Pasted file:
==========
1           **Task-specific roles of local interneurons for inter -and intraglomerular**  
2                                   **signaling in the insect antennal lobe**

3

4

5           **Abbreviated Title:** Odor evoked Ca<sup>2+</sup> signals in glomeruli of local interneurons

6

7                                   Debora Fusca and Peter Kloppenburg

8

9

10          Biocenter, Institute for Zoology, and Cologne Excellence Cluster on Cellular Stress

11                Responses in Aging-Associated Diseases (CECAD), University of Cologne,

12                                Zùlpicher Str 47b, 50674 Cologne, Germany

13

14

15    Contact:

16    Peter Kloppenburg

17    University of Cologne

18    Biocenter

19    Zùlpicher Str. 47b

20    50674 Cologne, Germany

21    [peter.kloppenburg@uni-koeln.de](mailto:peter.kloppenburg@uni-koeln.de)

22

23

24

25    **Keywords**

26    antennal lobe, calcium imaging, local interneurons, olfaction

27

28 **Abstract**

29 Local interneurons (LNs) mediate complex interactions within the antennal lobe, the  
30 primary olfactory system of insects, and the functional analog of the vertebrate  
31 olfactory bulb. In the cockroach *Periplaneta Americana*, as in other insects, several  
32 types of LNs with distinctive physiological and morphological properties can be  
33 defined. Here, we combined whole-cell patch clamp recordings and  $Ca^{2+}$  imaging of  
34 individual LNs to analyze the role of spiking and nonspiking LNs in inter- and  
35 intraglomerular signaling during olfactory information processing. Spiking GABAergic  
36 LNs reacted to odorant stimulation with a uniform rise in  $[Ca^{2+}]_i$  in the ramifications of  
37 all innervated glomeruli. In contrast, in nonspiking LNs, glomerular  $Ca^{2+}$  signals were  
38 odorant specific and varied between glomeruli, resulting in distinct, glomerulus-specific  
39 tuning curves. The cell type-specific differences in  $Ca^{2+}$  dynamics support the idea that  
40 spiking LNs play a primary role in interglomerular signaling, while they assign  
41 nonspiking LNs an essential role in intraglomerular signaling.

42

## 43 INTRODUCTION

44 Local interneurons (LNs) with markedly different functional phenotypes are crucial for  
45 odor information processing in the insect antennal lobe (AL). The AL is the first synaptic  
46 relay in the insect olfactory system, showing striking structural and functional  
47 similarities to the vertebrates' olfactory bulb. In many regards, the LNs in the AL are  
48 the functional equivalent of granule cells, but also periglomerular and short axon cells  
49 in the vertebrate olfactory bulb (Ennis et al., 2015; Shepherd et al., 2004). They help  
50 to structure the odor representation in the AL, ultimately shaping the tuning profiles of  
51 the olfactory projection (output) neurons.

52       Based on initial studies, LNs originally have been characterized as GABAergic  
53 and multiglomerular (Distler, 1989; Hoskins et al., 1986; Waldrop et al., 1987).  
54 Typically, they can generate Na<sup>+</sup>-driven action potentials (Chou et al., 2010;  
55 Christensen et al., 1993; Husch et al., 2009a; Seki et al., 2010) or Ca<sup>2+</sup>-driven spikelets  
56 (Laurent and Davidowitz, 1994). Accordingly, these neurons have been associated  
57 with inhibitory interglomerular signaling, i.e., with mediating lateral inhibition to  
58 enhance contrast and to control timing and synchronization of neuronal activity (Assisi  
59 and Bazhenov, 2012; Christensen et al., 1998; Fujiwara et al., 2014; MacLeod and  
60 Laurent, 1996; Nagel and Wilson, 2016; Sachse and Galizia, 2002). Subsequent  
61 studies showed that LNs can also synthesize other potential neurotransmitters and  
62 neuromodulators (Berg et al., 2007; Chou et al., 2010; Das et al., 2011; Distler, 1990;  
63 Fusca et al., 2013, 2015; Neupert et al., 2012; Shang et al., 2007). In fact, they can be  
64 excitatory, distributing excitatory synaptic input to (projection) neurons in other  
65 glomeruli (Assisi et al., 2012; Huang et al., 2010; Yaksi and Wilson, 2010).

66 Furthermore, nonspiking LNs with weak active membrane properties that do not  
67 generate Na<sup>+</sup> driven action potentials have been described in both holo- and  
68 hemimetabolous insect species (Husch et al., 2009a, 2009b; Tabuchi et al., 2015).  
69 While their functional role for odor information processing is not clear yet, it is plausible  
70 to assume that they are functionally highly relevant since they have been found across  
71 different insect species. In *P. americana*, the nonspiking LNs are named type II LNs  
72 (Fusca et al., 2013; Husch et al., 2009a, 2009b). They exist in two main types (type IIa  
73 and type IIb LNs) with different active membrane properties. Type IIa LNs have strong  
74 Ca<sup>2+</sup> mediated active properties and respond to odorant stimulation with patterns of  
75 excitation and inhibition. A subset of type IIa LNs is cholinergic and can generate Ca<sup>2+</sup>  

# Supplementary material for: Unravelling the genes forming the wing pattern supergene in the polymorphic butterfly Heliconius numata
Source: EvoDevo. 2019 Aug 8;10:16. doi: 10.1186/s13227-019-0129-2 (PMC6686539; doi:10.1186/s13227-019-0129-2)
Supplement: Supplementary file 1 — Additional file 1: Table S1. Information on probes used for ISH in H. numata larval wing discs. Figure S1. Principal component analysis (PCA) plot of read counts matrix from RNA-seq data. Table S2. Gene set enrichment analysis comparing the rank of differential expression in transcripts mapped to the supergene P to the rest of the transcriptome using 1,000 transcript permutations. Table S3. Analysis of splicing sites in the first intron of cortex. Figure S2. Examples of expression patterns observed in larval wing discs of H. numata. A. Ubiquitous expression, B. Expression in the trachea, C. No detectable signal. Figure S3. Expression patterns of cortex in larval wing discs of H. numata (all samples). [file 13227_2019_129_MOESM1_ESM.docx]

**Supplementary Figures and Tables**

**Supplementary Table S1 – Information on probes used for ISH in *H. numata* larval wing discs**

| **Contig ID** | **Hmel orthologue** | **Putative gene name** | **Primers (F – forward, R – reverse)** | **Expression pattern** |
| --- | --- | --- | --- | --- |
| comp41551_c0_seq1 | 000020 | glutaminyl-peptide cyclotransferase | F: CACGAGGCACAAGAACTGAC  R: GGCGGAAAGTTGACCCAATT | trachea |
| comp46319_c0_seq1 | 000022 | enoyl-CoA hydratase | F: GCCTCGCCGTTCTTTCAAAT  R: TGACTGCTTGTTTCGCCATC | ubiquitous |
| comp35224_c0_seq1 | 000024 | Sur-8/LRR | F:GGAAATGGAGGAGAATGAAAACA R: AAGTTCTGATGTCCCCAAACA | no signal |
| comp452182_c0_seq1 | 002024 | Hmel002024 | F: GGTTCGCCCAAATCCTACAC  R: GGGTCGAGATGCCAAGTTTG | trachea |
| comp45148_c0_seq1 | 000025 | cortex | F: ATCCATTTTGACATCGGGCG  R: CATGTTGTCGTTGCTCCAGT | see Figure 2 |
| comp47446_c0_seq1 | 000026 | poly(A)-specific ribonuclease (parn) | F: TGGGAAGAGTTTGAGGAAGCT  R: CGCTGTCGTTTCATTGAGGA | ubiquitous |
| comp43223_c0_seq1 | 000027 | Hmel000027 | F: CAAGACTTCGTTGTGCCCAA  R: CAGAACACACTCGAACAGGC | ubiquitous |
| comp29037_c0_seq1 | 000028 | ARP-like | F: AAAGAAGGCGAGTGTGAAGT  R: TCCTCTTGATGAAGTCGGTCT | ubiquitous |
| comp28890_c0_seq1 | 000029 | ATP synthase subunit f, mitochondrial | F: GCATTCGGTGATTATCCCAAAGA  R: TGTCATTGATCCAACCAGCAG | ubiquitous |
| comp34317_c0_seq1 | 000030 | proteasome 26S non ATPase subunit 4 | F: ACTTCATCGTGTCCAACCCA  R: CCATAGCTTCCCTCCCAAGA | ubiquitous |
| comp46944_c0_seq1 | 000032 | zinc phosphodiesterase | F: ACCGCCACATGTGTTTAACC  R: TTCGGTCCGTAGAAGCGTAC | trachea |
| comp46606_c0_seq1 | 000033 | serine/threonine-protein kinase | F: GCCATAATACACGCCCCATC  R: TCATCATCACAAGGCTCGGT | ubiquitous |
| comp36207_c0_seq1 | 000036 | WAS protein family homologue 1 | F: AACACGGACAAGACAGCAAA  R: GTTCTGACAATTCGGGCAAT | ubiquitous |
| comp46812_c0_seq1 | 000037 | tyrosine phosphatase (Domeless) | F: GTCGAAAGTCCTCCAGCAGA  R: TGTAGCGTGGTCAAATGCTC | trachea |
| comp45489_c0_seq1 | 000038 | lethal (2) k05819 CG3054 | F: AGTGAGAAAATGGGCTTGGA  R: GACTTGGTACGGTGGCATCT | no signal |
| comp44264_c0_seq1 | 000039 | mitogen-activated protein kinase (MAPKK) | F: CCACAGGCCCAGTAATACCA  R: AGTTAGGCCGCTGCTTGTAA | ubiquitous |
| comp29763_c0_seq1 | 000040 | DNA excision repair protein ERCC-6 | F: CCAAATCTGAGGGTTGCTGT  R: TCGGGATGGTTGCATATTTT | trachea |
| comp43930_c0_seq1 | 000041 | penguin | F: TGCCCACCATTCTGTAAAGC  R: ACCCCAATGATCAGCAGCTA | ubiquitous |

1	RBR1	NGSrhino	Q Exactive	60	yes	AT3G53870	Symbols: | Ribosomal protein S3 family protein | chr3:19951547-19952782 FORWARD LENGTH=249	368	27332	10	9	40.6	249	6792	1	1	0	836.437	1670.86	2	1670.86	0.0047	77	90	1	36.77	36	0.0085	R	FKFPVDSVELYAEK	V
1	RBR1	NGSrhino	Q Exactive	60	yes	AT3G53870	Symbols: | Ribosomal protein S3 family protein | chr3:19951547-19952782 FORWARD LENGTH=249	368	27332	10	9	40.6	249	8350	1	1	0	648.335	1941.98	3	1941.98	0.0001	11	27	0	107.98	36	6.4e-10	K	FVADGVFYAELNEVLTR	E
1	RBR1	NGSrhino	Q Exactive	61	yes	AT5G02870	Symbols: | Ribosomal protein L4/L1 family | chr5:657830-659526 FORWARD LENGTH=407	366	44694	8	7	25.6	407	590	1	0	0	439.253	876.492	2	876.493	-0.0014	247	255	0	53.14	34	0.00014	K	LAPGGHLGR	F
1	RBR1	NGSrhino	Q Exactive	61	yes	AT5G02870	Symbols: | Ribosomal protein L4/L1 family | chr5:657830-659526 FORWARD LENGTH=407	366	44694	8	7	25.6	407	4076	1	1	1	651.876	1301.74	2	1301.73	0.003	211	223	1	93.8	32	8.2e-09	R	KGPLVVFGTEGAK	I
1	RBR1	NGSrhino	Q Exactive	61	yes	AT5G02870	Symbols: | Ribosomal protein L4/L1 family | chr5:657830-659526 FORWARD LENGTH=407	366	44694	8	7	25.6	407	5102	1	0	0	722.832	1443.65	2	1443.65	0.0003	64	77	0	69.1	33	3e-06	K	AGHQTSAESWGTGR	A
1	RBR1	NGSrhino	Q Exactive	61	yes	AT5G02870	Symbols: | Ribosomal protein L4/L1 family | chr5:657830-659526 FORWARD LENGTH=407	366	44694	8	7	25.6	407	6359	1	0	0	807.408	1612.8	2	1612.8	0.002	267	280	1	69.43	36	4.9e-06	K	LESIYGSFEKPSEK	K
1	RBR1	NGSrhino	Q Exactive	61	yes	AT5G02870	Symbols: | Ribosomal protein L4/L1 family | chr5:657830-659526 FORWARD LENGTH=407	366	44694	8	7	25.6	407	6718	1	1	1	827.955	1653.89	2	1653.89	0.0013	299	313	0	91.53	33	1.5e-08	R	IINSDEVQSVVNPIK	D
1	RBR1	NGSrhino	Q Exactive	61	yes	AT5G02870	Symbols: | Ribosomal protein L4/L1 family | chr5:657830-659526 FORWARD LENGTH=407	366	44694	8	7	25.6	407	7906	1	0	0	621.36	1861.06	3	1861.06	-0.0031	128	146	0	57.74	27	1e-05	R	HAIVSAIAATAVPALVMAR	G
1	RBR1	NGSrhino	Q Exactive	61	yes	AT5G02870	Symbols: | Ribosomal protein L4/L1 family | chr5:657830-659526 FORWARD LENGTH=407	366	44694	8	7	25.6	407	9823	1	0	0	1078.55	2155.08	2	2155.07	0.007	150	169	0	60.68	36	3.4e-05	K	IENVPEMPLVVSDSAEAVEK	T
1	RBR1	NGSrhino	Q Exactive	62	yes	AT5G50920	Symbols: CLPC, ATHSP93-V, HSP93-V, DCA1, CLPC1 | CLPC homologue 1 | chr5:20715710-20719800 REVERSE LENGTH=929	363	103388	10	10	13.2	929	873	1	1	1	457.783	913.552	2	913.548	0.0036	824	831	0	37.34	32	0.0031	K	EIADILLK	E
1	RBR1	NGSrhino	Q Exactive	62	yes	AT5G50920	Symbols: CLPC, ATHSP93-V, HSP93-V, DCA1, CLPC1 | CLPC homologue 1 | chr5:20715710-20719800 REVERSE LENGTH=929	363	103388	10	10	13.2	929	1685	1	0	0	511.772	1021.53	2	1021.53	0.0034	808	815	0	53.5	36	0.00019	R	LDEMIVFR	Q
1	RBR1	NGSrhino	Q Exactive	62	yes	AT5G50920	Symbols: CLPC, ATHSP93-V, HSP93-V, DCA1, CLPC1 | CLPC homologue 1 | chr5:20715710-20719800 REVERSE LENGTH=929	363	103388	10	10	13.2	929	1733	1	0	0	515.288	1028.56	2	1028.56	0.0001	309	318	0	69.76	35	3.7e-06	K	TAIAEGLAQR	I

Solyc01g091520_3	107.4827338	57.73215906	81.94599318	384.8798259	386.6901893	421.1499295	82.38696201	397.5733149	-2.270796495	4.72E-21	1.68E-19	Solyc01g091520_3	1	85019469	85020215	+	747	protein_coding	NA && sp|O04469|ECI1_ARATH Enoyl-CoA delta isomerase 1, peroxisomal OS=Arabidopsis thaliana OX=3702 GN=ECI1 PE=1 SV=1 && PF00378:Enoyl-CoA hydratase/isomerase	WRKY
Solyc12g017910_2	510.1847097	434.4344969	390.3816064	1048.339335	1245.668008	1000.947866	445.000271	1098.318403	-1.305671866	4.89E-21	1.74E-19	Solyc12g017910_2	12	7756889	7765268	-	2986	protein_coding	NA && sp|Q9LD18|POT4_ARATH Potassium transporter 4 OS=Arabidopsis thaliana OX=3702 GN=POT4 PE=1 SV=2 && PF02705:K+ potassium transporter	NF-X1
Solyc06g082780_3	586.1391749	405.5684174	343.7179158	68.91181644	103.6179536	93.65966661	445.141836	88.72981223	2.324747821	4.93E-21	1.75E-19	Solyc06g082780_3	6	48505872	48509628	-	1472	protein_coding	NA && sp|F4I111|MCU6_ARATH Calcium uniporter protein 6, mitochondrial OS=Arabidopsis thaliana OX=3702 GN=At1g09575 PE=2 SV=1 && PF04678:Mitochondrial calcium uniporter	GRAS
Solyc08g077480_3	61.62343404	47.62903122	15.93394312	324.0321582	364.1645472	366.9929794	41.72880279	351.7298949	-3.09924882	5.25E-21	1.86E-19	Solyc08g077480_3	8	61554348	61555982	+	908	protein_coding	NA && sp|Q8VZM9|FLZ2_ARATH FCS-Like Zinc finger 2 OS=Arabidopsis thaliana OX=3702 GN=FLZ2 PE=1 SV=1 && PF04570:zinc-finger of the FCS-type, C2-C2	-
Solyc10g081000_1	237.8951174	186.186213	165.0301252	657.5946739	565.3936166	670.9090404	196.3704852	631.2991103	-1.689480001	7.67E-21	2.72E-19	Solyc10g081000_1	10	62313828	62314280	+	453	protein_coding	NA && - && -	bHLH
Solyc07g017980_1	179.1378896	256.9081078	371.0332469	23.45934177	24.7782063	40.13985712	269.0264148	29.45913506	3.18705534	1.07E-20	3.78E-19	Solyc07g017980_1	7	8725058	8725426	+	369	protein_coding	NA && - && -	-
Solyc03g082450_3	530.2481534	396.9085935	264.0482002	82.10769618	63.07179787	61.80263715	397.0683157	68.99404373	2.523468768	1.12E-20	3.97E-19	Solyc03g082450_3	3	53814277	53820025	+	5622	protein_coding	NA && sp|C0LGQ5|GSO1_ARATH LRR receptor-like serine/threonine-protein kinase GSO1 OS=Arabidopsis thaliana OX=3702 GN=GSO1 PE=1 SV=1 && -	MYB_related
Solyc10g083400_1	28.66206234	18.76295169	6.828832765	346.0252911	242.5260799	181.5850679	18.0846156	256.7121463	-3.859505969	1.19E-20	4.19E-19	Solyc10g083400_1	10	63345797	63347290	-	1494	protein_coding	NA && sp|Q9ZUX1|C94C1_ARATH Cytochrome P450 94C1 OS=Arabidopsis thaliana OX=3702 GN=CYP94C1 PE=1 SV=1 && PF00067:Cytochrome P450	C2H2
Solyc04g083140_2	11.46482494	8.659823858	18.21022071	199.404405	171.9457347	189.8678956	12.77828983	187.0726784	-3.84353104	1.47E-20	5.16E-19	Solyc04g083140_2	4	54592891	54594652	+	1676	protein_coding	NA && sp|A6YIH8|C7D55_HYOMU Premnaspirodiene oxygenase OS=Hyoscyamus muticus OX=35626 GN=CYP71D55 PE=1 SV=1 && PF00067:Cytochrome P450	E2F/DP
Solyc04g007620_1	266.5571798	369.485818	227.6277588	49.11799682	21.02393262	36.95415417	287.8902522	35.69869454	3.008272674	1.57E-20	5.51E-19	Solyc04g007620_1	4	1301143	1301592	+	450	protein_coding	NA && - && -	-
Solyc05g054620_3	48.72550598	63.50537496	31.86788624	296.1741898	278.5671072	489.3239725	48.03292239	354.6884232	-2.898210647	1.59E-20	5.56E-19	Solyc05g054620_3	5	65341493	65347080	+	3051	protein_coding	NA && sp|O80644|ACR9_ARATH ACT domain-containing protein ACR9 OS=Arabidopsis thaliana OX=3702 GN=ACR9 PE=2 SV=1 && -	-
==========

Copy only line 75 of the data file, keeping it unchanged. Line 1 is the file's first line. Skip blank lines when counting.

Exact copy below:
75 excitation and inhibition. A subset of type IIa LNs is cholinergic and can generate Ca<sup>2+</sup>  